In January 2019 I attended Cisco Live alongside with Tech Field Day Extra. During that event, we had a presentation on the latest generation of Cisco’s HCI solution, Cisco HyperFlex (HX). The outcome of this presentation was a somewhat passionate blog post I wrote on the matter, where I pointed some doubts and questions (if not outright outrage) regarding the NVMe-based HX performance, as well as their optional hardware acceleration card.
I had the opportunity to discuss with the Cisco HyperFlex product team following my article on the latest release. Cisco wanted to clarify some of the concerns that I had regarding their latest HyperFlex improvements, namely their additional hardware acceleration card, and also the NVMe architecture performance.
Because this turned out to be a very constructive discussion, I decided to publish a follow up post covering the clarifications, as well as amending parts of my previous article. I will also provide some comments in my usual “Max’s Opinion” section.
NVMe Architecture Performance
Designing an NVMe architecture with Reliability, Availability and Serviceability (RAS) in mind has one challenge. The PCIe bus to which the NVMe drives are attached to is directly connected to the CPU. This means that there is no disk management interface such as SATA/SAS or SCSI to handle events such as drive failures or hot-plug / hot-remove events.
The consequence is that without any sort of management layer that can control events and take the hit, any of these events happening on a PCIe bus will throw an exception that is likely to fully crash the system. Since storage systems need to be fully redundant, and a kernel crash is a catastrophic failure that will likely impact data consistency, a solution has to be found.
For this purpose, Intel developed the VMD driver (Intel Volume Management Device), which can be used in systems with Skylake processors. This element is key to support RAS requirements by providing an abstraction layer that handles such unplanned events in place of a hardware disk management interface.
In the context of Cisco HyperFlex, the move to an all NVMe environment means that a lot of work had to happen under the hood (lot of quality assurance work & testing). Without the necessary stability on handling these events, the move to NVMe drives would be a hazardous one.
For their initial platform release on NVMe, Cisco has understandably set the priority on stability, i.e. ensuring all potential exceptions are accurately handled by the Intel VMD driver. This priority given to stability means that performance gains will be handled on a second stage.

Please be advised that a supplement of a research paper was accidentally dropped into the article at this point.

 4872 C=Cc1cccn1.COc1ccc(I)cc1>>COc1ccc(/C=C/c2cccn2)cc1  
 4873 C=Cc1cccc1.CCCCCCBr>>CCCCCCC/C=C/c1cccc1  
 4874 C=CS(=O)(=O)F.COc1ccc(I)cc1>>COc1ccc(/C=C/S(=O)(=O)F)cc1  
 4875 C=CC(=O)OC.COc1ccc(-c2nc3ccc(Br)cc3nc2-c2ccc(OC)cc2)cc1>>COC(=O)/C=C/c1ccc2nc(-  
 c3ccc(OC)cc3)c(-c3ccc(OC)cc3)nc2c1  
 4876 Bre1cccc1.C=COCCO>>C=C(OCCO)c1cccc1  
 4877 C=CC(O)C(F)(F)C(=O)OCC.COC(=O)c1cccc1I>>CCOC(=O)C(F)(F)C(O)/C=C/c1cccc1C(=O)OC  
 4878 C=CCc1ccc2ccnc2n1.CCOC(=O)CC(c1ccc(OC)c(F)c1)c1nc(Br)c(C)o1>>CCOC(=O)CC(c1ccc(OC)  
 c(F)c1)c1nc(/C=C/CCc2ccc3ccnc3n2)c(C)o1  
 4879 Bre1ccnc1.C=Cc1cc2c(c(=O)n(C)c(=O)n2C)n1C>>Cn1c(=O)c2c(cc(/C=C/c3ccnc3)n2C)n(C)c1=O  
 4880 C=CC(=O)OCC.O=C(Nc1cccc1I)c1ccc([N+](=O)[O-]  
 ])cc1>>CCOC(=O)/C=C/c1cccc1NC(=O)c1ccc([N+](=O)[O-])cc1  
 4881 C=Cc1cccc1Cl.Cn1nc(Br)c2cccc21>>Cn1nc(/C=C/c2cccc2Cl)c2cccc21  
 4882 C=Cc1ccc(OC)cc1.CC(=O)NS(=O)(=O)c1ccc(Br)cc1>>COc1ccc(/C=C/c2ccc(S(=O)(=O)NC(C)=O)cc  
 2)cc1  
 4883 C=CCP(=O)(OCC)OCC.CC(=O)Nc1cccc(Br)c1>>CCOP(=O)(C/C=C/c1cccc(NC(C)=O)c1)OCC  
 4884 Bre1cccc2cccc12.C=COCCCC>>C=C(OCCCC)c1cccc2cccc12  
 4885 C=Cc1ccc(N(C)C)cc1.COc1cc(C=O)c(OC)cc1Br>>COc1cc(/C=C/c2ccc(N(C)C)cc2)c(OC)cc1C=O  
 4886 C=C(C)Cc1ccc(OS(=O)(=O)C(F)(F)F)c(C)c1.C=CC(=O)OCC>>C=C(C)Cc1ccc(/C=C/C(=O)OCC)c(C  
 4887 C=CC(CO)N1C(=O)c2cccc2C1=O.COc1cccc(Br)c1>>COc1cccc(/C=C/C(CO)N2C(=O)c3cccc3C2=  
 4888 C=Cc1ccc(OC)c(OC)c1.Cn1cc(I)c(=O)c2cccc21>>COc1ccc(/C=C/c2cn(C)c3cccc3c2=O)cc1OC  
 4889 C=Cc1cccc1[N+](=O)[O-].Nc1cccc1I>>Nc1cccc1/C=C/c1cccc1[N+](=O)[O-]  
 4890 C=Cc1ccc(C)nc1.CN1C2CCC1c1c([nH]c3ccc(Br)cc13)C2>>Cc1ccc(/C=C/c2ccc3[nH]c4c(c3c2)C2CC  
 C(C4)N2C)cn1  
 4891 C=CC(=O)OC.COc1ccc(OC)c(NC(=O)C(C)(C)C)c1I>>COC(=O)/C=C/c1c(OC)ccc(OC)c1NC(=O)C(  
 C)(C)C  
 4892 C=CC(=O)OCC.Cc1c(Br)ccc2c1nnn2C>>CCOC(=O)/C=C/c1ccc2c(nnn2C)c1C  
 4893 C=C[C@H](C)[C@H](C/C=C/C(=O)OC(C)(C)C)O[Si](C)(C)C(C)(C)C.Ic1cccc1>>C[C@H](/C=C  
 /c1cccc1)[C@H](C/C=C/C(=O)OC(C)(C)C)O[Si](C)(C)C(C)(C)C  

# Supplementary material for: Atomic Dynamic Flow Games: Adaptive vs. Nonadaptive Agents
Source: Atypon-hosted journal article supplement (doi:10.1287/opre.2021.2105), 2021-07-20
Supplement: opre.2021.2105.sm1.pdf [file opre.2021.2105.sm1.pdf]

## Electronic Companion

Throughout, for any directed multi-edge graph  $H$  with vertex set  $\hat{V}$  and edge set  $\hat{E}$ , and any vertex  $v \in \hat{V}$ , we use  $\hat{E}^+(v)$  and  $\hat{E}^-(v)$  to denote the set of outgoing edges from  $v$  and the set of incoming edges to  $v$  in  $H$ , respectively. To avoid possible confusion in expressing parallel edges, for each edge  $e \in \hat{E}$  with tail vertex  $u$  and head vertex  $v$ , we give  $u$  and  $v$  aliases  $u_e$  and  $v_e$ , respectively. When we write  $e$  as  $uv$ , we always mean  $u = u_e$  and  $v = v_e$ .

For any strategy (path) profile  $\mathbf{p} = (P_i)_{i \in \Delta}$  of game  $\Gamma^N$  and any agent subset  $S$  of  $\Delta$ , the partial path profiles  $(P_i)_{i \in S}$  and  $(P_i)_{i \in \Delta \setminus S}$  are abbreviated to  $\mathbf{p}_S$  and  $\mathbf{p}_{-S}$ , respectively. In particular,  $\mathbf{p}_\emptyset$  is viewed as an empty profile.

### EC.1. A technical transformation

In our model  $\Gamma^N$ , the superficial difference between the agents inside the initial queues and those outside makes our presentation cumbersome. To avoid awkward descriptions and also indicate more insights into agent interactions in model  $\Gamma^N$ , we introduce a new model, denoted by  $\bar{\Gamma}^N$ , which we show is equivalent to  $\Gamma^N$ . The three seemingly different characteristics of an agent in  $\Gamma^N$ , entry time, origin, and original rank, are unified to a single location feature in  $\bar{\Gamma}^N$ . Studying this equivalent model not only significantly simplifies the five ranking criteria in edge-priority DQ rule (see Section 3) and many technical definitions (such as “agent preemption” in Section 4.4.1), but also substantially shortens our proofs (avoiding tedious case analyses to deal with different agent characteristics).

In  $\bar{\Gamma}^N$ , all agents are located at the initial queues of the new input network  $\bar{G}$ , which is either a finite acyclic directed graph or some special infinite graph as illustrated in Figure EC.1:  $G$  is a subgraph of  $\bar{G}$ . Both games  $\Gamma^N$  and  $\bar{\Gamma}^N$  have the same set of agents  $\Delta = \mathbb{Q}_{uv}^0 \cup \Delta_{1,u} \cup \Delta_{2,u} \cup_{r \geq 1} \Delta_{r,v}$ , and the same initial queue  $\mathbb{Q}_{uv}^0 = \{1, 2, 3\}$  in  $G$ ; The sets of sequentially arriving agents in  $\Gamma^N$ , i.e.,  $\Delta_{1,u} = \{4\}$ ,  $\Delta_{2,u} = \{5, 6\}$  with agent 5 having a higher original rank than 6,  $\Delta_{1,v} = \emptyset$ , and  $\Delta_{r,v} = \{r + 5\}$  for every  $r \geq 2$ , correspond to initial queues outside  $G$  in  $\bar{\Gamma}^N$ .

From a performance perspective, the HyperFlex product management team stated that past the initial release, they are already seeing performance improvements with the current development work that is in progress. These performance improvements should keep improving as the development teams work on the product code and on leveraging further optimisations. These future improvements will be delivered to HyperFlex NVMe customers via software updates.
Cisco was also keen to share more details on the NVMe drive types and capacity specifications:
- Cache drives: 3D XPoint (Intel Optane) 375 GB with 60 DWPD (Drive Writes Per Day)
- Capacity drives: 3D NAND (unspecified manufacturer) 1TB and 4TB drives (total of 8 capacity drives per node)
Hardware Acceleration Card
Cisco have also provided additional insights on their hardware acceleration card, the HyperFlex Acceleration Engine (HAE). This card is a newly introduced optional device that is compatible only with the new HyperFlex models.
On that matter, Cisco stated that while the HX software handling inline deduplication and compression already provides very high performance, the hardware accelerator offers even further gains: higher compression rates and higher performance. And of course CPU offloading.
Cisco also stated that while the HyperFlex architecture guarantees deterministic latencies and avoid two phase deduplication and compression, the hardware offloading adds higher compression ratios and performance to this deterministic latency.